If we could see our emotions through a Brain Computer Interface (BCI) device based on Augmented Reality (AR), what color, shape, or velocity would they be?
“Is it really possible to tell someone else what one feels?” ― Leo Tolstoy, Anna Karenina
With evolution, the human species has learnt to mask its true feelings. We smile in polite society even when we hurt or rage inside. So much so, that at times even we don’t realize what we are actually feeling.
What if there were a BCI platform that could show us our true feelings on a screen? Will they shock us? Will we be relieved at finally being aware of what we’ve known all along?
“My basic inspiration came from understanding something that you cannot see but you do feel. Something similar to ghosts”
Kammil Carranza, Creative Director and Project Manager at Augmented Island Studios, has come up with just such a device that uses Augmented Reality (AR) to display the true emotions of an individual by presenting their perception on a screen through color and velocity.
The Sociable spoke with Carranza about his project Daydreamers.
“Sometimes you feel angry, but you might wonder what your anger looks like or whether it’s different from another person’s anger. So I wanted to give these abstract concepts a representation,” he says.
Daydreamers builds a new perception of reality, proposing the construction of the world that surrounds us as a direct response to our brain waves that can be explained as emotions we are experiencing.
Carranza started the project as part of his master’s thesis at the Institute for Advanced Architecture of Catalonia (IAAC) under Professors Luis Fraguada and Elizabeth Bigger, within the advanced interaction research line, with a focus on how wearable technology can augment the senses.
He reveals that in the beginning, the product was about recording dreams. So people could experience other people’s dreams as well as see them on an AR platform.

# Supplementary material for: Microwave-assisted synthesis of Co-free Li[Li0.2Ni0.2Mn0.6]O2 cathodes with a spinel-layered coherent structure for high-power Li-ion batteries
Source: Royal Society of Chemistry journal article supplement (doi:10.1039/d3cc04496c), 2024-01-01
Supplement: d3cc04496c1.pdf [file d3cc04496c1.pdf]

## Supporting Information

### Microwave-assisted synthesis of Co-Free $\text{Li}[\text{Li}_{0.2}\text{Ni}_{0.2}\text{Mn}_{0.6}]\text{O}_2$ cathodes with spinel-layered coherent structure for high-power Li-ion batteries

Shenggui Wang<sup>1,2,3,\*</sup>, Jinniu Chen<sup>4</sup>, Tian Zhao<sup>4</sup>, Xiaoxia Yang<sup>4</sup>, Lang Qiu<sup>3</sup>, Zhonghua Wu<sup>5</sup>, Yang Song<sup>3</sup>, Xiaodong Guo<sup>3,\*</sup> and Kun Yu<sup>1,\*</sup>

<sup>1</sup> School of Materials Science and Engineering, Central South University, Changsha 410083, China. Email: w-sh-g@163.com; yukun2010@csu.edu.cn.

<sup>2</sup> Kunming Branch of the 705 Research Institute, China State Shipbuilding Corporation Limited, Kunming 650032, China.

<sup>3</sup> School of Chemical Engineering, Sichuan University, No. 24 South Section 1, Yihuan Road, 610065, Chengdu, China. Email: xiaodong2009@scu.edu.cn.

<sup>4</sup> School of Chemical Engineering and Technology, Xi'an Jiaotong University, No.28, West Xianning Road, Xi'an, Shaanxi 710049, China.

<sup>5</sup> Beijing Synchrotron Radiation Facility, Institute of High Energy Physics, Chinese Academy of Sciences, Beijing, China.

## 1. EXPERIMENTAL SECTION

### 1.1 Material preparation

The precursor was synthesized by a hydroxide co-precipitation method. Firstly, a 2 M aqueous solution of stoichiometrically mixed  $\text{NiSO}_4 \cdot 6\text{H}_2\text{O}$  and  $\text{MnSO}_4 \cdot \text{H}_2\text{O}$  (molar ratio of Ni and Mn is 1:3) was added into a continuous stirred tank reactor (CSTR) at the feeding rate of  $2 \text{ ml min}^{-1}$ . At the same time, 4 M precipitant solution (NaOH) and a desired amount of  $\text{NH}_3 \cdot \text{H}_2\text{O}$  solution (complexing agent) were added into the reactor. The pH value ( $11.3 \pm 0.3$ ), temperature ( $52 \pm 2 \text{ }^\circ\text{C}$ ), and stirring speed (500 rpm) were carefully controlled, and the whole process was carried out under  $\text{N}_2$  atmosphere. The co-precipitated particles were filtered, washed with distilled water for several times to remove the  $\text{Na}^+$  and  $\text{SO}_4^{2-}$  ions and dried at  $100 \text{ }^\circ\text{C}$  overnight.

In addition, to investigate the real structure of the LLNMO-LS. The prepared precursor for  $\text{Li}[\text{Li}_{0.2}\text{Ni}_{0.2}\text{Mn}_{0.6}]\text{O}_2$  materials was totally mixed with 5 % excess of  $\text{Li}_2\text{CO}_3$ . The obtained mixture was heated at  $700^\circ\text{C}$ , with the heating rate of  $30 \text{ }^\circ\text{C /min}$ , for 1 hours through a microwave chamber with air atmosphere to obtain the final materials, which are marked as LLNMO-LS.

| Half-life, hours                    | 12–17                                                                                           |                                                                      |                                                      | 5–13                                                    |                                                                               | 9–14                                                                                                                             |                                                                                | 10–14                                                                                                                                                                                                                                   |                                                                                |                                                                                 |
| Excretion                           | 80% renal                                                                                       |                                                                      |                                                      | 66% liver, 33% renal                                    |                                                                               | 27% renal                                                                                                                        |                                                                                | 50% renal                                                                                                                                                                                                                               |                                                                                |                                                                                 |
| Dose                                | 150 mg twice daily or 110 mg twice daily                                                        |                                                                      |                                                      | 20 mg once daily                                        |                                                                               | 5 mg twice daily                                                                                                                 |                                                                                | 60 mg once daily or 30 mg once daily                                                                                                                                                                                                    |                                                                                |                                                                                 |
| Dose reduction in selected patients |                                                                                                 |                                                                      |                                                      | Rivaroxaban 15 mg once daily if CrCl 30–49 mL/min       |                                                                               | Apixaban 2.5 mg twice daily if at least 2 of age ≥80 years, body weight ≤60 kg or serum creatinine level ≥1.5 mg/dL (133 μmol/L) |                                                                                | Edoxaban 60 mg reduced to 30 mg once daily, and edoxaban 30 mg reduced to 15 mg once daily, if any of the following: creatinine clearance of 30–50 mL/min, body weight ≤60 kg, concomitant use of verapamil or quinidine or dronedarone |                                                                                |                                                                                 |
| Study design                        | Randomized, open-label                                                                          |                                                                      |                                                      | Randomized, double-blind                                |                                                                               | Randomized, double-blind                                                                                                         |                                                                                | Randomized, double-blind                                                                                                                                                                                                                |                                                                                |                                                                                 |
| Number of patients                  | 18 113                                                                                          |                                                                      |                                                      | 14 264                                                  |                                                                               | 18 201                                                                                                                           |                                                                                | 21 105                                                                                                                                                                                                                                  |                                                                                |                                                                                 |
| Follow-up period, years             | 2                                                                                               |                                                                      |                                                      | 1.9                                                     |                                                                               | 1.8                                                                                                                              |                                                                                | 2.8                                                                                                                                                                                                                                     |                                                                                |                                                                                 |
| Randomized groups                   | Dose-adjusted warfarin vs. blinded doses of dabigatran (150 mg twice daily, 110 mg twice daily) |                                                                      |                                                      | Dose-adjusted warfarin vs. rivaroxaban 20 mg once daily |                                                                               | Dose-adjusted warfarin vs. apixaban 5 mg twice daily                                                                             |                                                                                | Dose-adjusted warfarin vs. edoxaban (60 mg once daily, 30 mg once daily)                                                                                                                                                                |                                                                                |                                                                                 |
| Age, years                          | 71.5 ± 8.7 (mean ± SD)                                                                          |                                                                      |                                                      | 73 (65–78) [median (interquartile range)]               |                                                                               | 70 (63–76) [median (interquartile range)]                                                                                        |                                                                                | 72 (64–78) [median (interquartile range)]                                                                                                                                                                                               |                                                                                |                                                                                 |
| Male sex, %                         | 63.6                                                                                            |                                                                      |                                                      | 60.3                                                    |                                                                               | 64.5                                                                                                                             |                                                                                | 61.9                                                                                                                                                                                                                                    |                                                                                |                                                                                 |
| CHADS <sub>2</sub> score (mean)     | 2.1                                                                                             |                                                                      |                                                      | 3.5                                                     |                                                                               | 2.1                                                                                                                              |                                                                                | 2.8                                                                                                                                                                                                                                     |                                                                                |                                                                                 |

“My basic inspiration came from understanding something that you cannot see but you do feel. Something similar to ghosts,” he says.
How it Works
For Daydreamers to work, the user has to wear a headband called Muse, which is used to measure brain activity. With the help of an EEG headset as the sensor, the user sees custom digital content based on the data recorded by this sensor, which is set in the real world using AR as a visualization platform.
“If you feel excitement or fear, it will change its shape, color and also the velocity of some elements”
In simple terms, if you are wearing the headset and looking at a tree, the screen will show the tree in a shape and color that reflects your emotional state.
“I can pick the data and send it to the phone, transforming the content in real-time. So if you feel excitement or fear, it will change its shape, color and also the velocity of some elements,” Carranza explains.
The screen starts to reflect the emotions of the user by changing the pattern, velocity, and the colors of whatever the user perceives.
“So if you are depressed, it starts to show slow movement or goes purple and a bit faded. It converts the user data in a way to express his/her own emotions,” he says.
Carranza did not have a commercial aspect in mind while creating the project, but he believes that it has social insights. The research supports the benefits of creating a BCI interface that can control digital and physical content.
Even if the digital context is in a virtual reality world, the device offers a reasonable understanding of mixing the physical and digital worlds. In the process, not only can users delve into themselves for self-awareness, they can also develop empathy by understanding another person’s emotions.